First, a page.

I also enjoy working with Elixir at Remote, I rarely encounter problems where it feels like the language or tooling gets in the way. In every other programming language I’ve used, either the language itself has weird quirks and error messages that make it difficult to debug issues, or the tooling is clunky and slow.
How is working at Remote different from other companies?
The async work culture is completely unique. I’ve worked for several other “remote” companies, and all of them had mandatory meetings or times you had to be online that were aligned with a specific timezone, which somewhat defeats the purpose of working remotely. Remote truly embraces the “fully-remote” concept.
What has async work done for your life?
My schedule is incredibly flexible. If I need to attend to certain matters during the day, I can shift my work hours accordingly. It also allows me to run errands such as grocery shopping during off-peak hours, eliminating the problem of having to stand waiting in long queues. This is especially helpful since my spouse does not have the same flexibility in her schedule as I do.
I’m able to visit family and friends overseas for longer periods of time, without having to take PTO for the entire duration, as I can work in practically any time zone I want. I can, for example, take a week off, come back to work for a week, and then take another week off while visiting family and friends. This also affords me the ability to catch up with coworkers who are working in different timezones.
Which tech do you like the most and why?
Programming languages: definitely Elixir. I feel highly productive when working with Elixir. I even use it for my hobby projects. When I need to write a small script to automate a task: Python, because of the sheer number of libraries available for parsing various file formats and inputs, as well as generating them.
Which tech are you curious about?
Large language models, such as ChatGPT. I think they have the potential to really augment our work experience by helping us save time on menial tasks, but we need to understand how to utilize them first. They may also help us improve the API experiences for developers if used correctly. Exploring more of distributed Elixir and OTP features.
Basic understanding and the ability to use machine learning libraries. For Elixir, that would be Nx and Explorer libraries. While it’s quite difficult to understand, quantum computing is a new, but very intriguing area of computing. It wouldn’t necessarily have any benefits to the type of work we do at Remote, but it has the potential to solve very difficult problems, such as protein folding simulations.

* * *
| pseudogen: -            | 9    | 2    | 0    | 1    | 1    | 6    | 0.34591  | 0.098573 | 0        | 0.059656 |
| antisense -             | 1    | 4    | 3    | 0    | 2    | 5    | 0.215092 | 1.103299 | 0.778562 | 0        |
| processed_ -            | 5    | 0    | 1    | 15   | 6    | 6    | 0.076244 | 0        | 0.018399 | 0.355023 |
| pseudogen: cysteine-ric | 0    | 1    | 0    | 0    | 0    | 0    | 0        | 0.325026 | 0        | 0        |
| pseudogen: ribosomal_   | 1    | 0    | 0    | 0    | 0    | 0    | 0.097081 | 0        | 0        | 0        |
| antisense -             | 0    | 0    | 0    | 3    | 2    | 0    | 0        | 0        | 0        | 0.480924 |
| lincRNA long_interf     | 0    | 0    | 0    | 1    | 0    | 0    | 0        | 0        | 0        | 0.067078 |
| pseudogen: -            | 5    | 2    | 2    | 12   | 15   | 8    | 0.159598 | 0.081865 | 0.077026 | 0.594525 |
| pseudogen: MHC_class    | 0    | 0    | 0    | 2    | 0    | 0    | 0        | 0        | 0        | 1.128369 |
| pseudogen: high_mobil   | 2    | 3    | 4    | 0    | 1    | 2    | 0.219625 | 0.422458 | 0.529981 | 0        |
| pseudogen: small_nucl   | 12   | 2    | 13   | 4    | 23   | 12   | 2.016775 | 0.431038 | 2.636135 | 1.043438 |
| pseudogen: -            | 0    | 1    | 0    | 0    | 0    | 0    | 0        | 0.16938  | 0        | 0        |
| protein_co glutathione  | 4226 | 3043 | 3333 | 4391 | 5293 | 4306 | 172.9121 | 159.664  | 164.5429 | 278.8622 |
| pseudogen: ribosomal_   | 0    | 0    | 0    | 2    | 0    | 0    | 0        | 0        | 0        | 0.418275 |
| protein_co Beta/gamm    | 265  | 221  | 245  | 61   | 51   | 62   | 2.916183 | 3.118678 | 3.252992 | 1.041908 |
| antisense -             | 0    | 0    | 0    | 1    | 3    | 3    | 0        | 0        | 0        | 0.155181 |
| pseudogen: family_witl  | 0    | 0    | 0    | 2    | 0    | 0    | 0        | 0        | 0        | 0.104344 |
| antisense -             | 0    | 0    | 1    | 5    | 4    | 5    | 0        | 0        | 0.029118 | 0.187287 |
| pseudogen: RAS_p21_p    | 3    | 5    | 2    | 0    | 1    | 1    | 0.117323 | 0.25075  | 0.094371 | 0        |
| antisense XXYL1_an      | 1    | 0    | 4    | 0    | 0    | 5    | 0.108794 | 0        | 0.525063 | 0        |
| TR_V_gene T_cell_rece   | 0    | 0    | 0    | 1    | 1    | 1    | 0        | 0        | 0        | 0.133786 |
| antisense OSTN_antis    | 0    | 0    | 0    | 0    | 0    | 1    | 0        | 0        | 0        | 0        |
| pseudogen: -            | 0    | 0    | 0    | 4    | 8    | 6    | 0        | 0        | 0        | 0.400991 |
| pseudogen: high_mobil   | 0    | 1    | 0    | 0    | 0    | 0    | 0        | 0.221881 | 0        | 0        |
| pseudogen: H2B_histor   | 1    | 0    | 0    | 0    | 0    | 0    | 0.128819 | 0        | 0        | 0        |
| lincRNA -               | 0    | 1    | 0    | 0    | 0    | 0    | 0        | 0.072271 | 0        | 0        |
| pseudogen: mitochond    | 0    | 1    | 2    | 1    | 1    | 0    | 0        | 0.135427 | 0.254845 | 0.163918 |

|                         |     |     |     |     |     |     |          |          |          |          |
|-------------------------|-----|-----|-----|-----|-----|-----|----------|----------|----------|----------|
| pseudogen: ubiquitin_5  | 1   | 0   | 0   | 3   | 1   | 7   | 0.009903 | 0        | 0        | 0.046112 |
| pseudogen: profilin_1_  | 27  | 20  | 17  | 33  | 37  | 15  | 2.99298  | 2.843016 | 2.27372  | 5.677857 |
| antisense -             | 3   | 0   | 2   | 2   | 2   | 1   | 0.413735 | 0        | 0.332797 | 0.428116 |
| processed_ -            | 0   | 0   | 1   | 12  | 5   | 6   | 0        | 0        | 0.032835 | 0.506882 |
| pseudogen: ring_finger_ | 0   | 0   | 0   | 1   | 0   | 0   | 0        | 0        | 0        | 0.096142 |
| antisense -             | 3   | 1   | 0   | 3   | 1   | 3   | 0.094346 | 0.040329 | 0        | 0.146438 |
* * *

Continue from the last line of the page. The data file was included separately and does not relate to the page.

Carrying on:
What is the best advice someone has given you in your career?
Interviewing (particularly for software positions) is an entirely different skill than software engineering. The best way to learn how a certain part of the codebase works is to read the code, and if necessary, debug it at each layer and watch the inputs and outputs. Documentation can go out of date.
What advice do you have for engineers who would like to have a remote job?
When working at a remote job, make sure to document your work as much as possible. This could be articles you write, recording screencasts, drawing diagrams, or leaving summaries in public channels, such as Slack. This will likely slow your work down a bit, but remember that it enables countless others (even beyond your team) to unblock themselves simply by searching and finding your documentation.
When interviewing with companies that claim to be “remote”, ask the following questions:
Do you have specific working hours, or am I allowed to set my own schedule?
If you’re required to have specific working hours, it’s not a truly remote company, and you’ll likely encounter roadblocks when you want to find info about something you don’t know. An async work culture encourages documentation of discussions, features, and quirks of a system, allowing those who have different schedules to find the information they need and when they need it.
How many meetings do you have in a typical week?
Anything more than 1 (which should be a team sync) may indicate unnecessary time spent on meetings that could otherwise be spent on actual development work. However, take this with a grain of salt because the number of meetings you’ll have may depend on your role (e.g. a team lead will likely have a 1:1 with all engineers in the team once a week).
What brings you joy?
Seeing that I'm able to help others with their problems, regardless of whether it was a technical problem or a problem in their personal life.